This is the place to air your views on TEFL issues in Thailand. Most topics are welcome but please use common sense at all times. Please note that not all submissions will be used, particularly if the post is just a one or two sentence comment about a previous entry.
I'm a South Asian who grew up in Japan and worked/lived in the San Francisco Bay area for a long time. I have been trying to get an online ESL teaching job. I have a BA, a TEFL certificate, and 10 years of experience teaching ESL but I have been rejected outright after they see my CV (no idea why). I think my name gives it away that I'm Southeast Asian. I feel like I'm a good teacher and most importantly, I'm willing to grow and learn. This doesn't seem to matter. I pass the credentials but after doing the demo (they see my face) and then it feels like they're already rejected me.
I feel like I have to work harder than my white counterparts to get a job in this field. I practice a lot, have props, TPR, watch videos on how to teach young learners but once they see me, it's like I'm doomed.
Maybe I'm overthinking. But I know that discrimination is real in Asia. I grew up in Japan so I know. For us folks, we have to work harder and have above average skills, CV, education to get a job in this field. Even that is not enough because you can't do much about the color of your skin. I have even tried to look "whiter" by covering up my face in foundation and have contemplated about dying my hair brown or blonde (my hair is black).
What's going for me is that I'm pretty attractive (not boasting) so I think that helps. If you are good looking, blonde, young, the Asian recruiters will be knocking at your door.
In any case, I haven't given up yet. I'm still trying to get a job online teaching English.
I lived in Thailand for a year so I have an understanding about the real costs of living. I still find those figures saying that you can only live the 'Thai way', with 40K/month. I have since retired in Finland and I make about 50K/month and I can say my life is pretty decent. Now, if I moved back to Thailand with the same income, I cannot see how I'd be forced to live the 'Thai way' If this is enough for life in Finland, where pretty much everything is vastly more expensive, how can I not do it with same standards in Thailand?
I did a test back when I was living in Isaan. I was easily able to live on about 8,500 baht / month (rent, about 5,000 was paid from that) so I lived on the remaining 3,500 baht. Ok, it wasn't a "nice" life and I wasn't able to go out drinking, but managed easily with food and even some beer. Of course Isaan is different to Bangkok but still...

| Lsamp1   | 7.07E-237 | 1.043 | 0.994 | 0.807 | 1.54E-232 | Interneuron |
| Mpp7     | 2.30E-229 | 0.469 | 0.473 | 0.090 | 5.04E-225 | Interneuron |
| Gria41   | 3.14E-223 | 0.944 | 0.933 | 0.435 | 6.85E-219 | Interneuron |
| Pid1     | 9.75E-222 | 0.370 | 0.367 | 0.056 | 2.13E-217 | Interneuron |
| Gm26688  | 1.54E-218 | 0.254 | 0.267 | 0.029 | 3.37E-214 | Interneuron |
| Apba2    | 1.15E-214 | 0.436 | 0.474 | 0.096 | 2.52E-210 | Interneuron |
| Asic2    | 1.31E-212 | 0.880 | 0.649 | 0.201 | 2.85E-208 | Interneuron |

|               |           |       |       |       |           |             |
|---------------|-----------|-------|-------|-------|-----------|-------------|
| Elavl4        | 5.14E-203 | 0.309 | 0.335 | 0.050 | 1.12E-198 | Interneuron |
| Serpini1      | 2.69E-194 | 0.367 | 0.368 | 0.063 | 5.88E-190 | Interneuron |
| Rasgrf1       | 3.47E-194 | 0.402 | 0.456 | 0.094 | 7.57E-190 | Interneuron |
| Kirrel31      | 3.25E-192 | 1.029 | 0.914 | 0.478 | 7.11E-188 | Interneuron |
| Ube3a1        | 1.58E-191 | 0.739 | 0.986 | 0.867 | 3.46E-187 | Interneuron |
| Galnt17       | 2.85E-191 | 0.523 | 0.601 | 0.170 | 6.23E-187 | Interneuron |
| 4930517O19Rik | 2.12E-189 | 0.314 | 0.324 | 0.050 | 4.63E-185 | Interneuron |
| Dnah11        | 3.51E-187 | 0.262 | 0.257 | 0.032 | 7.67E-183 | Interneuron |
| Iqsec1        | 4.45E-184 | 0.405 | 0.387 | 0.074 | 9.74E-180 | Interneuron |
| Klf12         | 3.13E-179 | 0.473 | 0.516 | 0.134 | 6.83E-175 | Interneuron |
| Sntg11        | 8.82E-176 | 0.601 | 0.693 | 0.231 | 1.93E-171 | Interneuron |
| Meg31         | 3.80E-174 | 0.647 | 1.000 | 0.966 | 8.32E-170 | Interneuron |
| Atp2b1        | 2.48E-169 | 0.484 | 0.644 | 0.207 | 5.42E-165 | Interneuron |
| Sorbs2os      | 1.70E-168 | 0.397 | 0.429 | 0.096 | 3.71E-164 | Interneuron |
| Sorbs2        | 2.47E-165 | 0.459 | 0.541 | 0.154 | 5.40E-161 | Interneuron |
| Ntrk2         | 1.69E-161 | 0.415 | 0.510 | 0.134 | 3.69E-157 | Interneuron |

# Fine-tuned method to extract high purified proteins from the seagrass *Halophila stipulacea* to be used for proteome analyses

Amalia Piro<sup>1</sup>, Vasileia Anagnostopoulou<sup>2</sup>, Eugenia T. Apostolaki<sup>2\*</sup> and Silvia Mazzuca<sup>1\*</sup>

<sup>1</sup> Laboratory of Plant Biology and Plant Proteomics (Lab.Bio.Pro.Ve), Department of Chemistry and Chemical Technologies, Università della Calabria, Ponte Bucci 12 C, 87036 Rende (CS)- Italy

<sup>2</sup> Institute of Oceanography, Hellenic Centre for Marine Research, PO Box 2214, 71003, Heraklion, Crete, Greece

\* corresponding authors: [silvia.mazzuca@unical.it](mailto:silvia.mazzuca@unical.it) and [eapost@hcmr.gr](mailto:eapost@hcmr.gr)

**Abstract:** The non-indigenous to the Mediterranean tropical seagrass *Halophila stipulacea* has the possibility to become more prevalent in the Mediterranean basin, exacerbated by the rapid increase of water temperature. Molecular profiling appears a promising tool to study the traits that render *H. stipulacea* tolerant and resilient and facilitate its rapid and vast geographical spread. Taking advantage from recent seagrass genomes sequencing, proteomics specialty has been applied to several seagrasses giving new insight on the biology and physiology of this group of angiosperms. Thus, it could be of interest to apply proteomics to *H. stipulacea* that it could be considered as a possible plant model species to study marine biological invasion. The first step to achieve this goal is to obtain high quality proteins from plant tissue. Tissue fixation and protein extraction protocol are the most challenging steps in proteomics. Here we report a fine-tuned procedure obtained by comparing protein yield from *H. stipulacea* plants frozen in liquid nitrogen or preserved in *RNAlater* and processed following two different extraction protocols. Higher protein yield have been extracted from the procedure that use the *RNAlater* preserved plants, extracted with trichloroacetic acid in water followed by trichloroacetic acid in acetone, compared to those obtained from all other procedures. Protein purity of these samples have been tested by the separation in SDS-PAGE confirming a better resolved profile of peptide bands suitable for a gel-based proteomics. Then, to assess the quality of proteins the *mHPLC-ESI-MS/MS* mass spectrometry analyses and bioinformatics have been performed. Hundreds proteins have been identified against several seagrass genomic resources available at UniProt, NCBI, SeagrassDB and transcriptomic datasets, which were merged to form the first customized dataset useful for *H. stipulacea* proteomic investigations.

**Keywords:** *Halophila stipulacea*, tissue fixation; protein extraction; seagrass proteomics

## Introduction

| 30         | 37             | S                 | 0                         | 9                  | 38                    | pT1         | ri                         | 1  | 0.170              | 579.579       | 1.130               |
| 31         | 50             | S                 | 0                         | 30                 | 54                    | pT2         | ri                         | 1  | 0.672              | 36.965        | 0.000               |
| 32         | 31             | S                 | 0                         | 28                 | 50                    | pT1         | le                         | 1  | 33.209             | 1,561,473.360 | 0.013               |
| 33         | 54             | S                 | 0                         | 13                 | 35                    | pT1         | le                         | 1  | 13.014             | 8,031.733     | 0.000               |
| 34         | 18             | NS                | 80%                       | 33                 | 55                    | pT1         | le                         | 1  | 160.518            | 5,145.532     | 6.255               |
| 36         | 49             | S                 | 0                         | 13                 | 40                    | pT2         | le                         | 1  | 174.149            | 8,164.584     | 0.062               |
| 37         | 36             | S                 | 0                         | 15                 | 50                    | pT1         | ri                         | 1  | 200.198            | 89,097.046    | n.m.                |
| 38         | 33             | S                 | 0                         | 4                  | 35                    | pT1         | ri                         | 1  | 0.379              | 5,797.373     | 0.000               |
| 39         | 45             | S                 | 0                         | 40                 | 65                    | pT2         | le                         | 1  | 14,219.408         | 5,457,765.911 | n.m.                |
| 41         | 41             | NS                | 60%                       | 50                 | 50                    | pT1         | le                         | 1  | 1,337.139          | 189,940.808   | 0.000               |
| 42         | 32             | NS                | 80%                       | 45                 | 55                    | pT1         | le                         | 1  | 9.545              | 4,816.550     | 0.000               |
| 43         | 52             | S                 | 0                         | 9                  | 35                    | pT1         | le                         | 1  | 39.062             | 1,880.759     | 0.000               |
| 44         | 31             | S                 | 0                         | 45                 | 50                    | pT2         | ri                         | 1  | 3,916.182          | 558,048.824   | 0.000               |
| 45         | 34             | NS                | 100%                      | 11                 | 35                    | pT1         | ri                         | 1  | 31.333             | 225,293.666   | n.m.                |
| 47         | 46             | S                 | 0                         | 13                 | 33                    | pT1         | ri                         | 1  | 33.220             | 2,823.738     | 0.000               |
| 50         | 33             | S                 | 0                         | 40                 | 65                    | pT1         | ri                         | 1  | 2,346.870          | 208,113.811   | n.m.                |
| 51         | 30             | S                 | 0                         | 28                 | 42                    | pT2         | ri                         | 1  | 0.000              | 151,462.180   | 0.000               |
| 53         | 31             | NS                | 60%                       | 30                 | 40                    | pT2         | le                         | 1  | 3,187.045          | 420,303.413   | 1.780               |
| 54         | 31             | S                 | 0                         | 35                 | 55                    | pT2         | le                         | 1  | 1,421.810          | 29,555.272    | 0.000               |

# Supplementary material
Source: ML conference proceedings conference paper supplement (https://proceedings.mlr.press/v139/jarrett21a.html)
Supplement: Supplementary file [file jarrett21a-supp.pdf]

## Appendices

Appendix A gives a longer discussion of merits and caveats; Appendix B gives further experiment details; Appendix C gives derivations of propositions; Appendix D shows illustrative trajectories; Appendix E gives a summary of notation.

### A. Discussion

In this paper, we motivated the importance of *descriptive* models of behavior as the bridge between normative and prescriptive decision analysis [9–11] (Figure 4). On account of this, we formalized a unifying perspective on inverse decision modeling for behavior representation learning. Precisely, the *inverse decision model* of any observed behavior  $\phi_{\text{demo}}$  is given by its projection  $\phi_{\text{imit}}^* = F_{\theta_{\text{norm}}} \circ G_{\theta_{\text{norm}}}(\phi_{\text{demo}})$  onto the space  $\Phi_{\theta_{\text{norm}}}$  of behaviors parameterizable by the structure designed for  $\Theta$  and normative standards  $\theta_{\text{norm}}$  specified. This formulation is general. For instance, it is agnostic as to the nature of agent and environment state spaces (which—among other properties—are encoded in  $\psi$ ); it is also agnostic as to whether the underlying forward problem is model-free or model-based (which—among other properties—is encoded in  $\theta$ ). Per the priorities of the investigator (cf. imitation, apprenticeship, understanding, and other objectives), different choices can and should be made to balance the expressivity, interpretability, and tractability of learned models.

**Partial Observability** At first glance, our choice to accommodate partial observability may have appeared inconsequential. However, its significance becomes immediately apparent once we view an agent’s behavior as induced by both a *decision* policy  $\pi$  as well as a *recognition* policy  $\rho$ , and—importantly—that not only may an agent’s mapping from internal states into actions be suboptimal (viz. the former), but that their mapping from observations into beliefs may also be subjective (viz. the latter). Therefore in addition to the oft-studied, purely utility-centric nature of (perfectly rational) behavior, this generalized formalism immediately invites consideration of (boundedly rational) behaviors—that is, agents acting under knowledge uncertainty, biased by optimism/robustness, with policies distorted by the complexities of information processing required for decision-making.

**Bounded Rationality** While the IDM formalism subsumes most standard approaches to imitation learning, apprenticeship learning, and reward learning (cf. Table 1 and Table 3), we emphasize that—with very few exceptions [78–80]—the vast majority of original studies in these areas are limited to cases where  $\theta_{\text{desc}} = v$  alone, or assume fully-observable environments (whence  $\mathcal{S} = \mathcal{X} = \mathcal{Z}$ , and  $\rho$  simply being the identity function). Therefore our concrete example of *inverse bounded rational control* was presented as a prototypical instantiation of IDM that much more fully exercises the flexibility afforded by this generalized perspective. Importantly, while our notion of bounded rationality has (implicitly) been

For anyone who loves their sport, do you know there is a thriving cricket scene in Bangkok?
Currently there is something like 30 teams which, between October and May, compete in three separate leagues. The type of cricket played ranges from 50 overs-a-side Premier League level to the less demanding 25 overs-a-side A and B divisions. Added to these there are T20 competitions and various 6-a-side tournaments. So basically for cricketers from all backgrounds there is plenty of opportunity to play and enjoy the game which took up your summers back home.
Siam Cricket Club - or the Siam Parrots as we are commonly known - is one of Bangkok’s oldest existing clubs with a history going back the beginning of the millennium. We are a club founded by ex-pats and pride ourselves on our family atmosphere and our spirit of community.
Many of the original Parrots were from Australia, New Zealand, UK and South Africa but over the years the club has attracted players from India, Pakistan, Sri Lanka, Afghanistan, the Caribbean United States and even Canada.
The club has also been instrumental in promoting youth cricket in Thailand itself and, for this reason, is well respected within the broader Thai cricket scene. Currently our club contains members from all around the world and in this sense we are a truly inclusive international community united by our love for the grand old game.
Perhaps most importantly, the Parrots are a club that places great emphasis on enjoying the cricket we play. We are a social unit that displays great camaraderie toward each other whether we win or lose. Our culture is rooted in the rituals and traditions of club cricket and we are open to players of all ages and all levels. Our ethos is cricket’s ethos – that of fairness and honesty.
The Parrots are on the look-out for players to boost membership and to help both our Premier League and Second XI teams prepare for the upcoming Bangkok cricket season. As from the beginning of September, we will hold regular weekend nets at the Bang Na Cricket Academy and we would invite anyone to attend practice sessions with a view to playing and enjoying regular cricket later in the year.
Life in Bangkok can be often frustrating and disorienting. In this respect, cricket is a wonderful distraction and provides a perfect outlet for meeting new people and making new friends. We the Siam Parrots are a club that takes our cricket seriously, but never forgets that enjoyment of the game is paramount to fostering team spirit and club solidarity.
So if you want play cricket, make friends and generally improve the quality of your social life, in your home away from home, we would love to hear from you. Just send email to email@example.com and we’ll be in touch.
Grammar is definitely important, however being preoccupied with grammar when learning a language can lead to what in golf is called "paralysis by analysis." A truly solid golf swing takes years to build. To do so successfully, one has to painstakingly build each fundamental into the swing, one at a time, until it becomes second nature. When watching an accomplished golfer, it is obvious he or she is not focused on all of these fundamentals, but rather on visualizing the shot and capturing the feel to pull it off. To use this analogy I see grammar as the fundamentals, and the shot execution as actual communication. With that idea in mind when teaching conversation I focus on one grammar point, review it, and do some very structured drills to reinforce it. After that I move on to a much more communicative activity aimed at augmenting fluency.